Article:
How ASEAN nations can work to speed up economic growth.

The Association of Southeast Asian Nations (ASEAN) countries collectively are stronger. According to projections, the ASEAN region’s GDP could rise to the fourth or fifth position globally. Some nations might individually have a more robust economy.

If ASEAN countries work together, the region will be in a much stronger position, especially in light of the geopolitical interests of major international powers in the region. In order to avoid the region becoming fragmented, the involvement of governments is crucial.

ASEAN member states have made tremendous progress in reducing poverty and promoting strong economic growth while also successfully enhancing education and health outcomes for citizens.

A facility for ASEAN SMEs should be developed and operationalized soon in order to more efficiently promote economic recovery. Small and medium-sized enterprises (SMEs) make up between 89 and 99% of all businesses in Southeast Asia, which makes them the region’s economic pillars. They make up somewhere between 30% and 53% of the GDP in each ASEAN country. Therefore, the facility would not only assist in these companies’ recovery but also allow ASEAN to pursue the ASEAN Economic Community, a proposal for regional economic integration, in a more inclusive way.

A regional agreement on intra-ASEAN tourism would also help with the process of economic revival. Data shows that more than 40% of all travel made in the Asia-Pacific area involved travel inside ASEAN. Such a strategy would support the more effective recovery of the severely affected tourism sector and related industries.

The ASEAN countries will need to get back to the basics and invest in children to succeed in the global economy, where new technologies are spawning businesses that we could never have imagined and where the changing nature of employment requires higher-order skills.

Even though ASEAN countries are connected geographically and economically, countries differ in terms of life expectancy, employment productivity, and educational standards. Governments must accelerate the development of the human capital in order to meet these challenges.

The Regional Comprehensive Economic Partnership (RCEP), which includes the five ASEAN dialogue partners, Australia, China, Japan, New Zealand, and South Korea, was signed by the ten ASEAN countries in order to promote greater regional growth.

The largest trading bloc in the world, RCEP, is responsible for 28% of global trade and an estimated $26 trillion in economic activity (or 30% of the world’s GDP).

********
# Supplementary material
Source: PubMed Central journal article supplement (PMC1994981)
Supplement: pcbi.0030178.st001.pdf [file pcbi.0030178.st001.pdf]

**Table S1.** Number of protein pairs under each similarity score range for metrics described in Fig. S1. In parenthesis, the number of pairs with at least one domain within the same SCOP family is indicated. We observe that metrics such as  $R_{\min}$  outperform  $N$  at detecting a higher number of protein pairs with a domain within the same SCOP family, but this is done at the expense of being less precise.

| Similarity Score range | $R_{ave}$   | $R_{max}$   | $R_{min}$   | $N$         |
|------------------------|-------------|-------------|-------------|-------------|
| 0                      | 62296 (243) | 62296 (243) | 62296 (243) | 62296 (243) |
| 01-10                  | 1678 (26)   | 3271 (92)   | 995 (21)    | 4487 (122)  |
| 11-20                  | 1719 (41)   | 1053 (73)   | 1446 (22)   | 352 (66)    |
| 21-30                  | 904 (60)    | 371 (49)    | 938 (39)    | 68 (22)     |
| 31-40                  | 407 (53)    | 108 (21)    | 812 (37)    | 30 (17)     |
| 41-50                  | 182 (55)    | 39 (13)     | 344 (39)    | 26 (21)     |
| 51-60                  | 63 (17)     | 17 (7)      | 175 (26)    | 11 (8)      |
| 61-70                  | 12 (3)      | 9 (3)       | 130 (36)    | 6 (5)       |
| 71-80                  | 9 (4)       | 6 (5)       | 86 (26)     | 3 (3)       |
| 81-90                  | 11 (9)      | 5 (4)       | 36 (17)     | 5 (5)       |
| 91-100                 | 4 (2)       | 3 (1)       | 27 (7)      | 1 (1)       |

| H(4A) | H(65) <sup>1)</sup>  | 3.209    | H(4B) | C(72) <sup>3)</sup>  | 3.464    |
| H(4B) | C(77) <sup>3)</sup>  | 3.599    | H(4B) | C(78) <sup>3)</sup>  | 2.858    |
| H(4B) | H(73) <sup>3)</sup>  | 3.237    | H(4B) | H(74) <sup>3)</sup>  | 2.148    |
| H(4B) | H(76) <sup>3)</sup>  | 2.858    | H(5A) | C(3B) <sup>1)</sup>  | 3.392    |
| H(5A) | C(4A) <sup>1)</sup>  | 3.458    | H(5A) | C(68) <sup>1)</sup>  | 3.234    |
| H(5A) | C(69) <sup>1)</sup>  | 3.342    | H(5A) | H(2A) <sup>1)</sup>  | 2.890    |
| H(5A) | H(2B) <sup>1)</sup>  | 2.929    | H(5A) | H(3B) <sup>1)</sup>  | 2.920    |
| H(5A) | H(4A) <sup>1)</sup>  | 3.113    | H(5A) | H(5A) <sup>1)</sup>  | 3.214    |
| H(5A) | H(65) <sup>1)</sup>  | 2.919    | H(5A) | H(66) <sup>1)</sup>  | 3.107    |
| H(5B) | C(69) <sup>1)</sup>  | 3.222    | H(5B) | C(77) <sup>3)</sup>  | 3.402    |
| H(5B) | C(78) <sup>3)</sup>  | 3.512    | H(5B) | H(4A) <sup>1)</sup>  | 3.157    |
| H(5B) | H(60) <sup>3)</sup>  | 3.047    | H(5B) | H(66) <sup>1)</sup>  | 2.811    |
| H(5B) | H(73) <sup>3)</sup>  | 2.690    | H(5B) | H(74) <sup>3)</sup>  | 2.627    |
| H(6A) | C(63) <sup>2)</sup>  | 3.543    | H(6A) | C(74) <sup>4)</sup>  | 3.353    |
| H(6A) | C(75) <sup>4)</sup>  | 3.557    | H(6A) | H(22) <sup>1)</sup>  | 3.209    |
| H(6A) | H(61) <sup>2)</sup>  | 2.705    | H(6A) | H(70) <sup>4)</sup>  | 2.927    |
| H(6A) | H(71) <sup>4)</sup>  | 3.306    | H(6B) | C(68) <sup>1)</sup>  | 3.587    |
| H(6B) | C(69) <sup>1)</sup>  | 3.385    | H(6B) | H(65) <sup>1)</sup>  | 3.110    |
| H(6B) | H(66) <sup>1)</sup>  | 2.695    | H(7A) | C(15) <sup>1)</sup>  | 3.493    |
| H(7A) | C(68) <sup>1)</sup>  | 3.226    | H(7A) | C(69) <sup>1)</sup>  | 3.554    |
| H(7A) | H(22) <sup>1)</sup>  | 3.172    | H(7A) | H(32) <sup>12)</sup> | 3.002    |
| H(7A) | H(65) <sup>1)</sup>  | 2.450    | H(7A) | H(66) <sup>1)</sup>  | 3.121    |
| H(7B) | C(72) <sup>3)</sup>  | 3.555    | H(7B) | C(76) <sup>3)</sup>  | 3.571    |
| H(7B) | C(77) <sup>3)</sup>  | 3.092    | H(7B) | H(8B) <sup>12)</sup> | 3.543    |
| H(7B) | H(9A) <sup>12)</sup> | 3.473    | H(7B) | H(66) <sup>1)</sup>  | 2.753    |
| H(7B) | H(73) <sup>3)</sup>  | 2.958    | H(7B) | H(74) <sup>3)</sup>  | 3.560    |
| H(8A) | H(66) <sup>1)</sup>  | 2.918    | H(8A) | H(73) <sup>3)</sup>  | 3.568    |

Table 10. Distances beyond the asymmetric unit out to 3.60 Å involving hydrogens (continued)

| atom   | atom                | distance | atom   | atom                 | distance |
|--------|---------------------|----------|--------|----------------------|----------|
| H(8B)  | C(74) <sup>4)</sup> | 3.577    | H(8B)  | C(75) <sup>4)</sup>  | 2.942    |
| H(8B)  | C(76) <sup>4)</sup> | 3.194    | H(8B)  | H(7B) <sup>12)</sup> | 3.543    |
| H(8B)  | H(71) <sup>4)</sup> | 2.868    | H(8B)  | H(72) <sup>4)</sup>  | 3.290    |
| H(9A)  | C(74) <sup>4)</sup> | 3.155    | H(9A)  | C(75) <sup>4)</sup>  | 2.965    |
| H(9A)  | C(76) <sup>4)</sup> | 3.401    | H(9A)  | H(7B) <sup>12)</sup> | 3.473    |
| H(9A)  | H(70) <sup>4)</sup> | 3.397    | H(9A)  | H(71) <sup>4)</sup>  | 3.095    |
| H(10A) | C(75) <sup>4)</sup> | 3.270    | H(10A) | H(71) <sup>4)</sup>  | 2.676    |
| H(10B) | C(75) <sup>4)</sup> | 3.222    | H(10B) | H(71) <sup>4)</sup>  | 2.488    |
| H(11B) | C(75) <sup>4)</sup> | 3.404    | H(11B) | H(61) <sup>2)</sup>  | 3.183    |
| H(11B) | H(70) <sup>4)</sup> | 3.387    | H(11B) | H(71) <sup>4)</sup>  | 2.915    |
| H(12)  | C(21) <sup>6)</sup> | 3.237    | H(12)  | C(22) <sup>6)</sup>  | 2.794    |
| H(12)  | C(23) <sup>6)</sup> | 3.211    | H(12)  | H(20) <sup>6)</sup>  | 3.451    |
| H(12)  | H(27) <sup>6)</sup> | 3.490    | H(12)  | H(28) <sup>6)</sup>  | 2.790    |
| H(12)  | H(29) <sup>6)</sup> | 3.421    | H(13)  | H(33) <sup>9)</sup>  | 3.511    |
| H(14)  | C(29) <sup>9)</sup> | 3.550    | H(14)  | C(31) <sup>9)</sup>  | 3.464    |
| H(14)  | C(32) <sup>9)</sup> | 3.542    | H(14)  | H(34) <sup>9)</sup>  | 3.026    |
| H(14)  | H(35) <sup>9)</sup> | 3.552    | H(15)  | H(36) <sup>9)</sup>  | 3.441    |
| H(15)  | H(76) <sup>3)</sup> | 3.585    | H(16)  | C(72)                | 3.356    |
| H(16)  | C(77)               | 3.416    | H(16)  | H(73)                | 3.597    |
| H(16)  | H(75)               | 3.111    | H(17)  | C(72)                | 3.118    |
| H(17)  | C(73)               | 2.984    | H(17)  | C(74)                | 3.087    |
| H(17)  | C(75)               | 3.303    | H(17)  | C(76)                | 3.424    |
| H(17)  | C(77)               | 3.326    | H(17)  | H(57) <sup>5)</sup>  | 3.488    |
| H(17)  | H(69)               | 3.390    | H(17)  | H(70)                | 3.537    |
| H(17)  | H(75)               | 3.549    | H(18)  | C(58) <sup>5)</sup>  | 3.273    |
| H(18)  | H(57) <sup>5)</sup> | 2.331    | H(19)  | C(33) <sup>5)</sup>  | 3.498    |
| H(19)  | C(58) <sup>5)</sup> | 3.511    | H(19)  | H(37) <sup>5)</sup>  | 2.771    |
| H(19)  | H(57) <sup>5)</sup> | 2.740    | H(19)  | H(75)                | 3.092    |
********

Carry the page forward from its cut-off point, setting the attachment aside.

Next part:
In particular, it shows that these economies are committed to cooperating to strengthen the global supply chain in the face of escalating unrest brought on by pandemic and conflicts between superpowers. When it comes to the latter, the agreement can help its members diversify their production networks and take use of the digital economy, so boosting their financial stability and economic growth.

Samdech Hun Sen, the Prime Minister of Cambodia, has committed to play a more “active role” in promoting ASEAN cooperation with partners to boost post-crisis economic recovery. He also urged for a spirit of openness and support for the global trading system.

Samdech Hun Sen, the Prime Minister of Cambodia

For 2022, Cambodia is serving as ASEAN’s chair.

In a roundtable discussion on, A New Regionalism: Southeast Asia’s Potential in the 21st Century hosted by Civil Service College, Singapore, H.E. Samheng Boros, Minister Attached to the Prime Minister of the Royal Government of Cambodia and Chairman of National Social Assistance Fund Board (NSAF) and Secretary of State at the Ministry of Social Affairs, Veterans and Youth Rehabilitation (MoSVY), said, “Collectively, we are stronger. According to projections, the ASEAN region’s GDP could rise to the fourth or fifth position globally. Some nations might individually have a more robust economy. But if we work together, we may be in a much stronger position, especially in light of the geopolitical interests of major international powers in our region. In order to avoid the region from becoming too fragmented, I believe that our governments’ role is crucial.”

H.E. Samheng Boros

Overall, dealing with the COVID-19 effects’ economic recovery is a challenging task. While ASEAN has introduced new plans to support such a recovery, some obstacles still exist. Despite the uncertainty, it is nevertheless imperative that ASEAN countries cooperate and support an open economic system to assist the region withstand the crisis.

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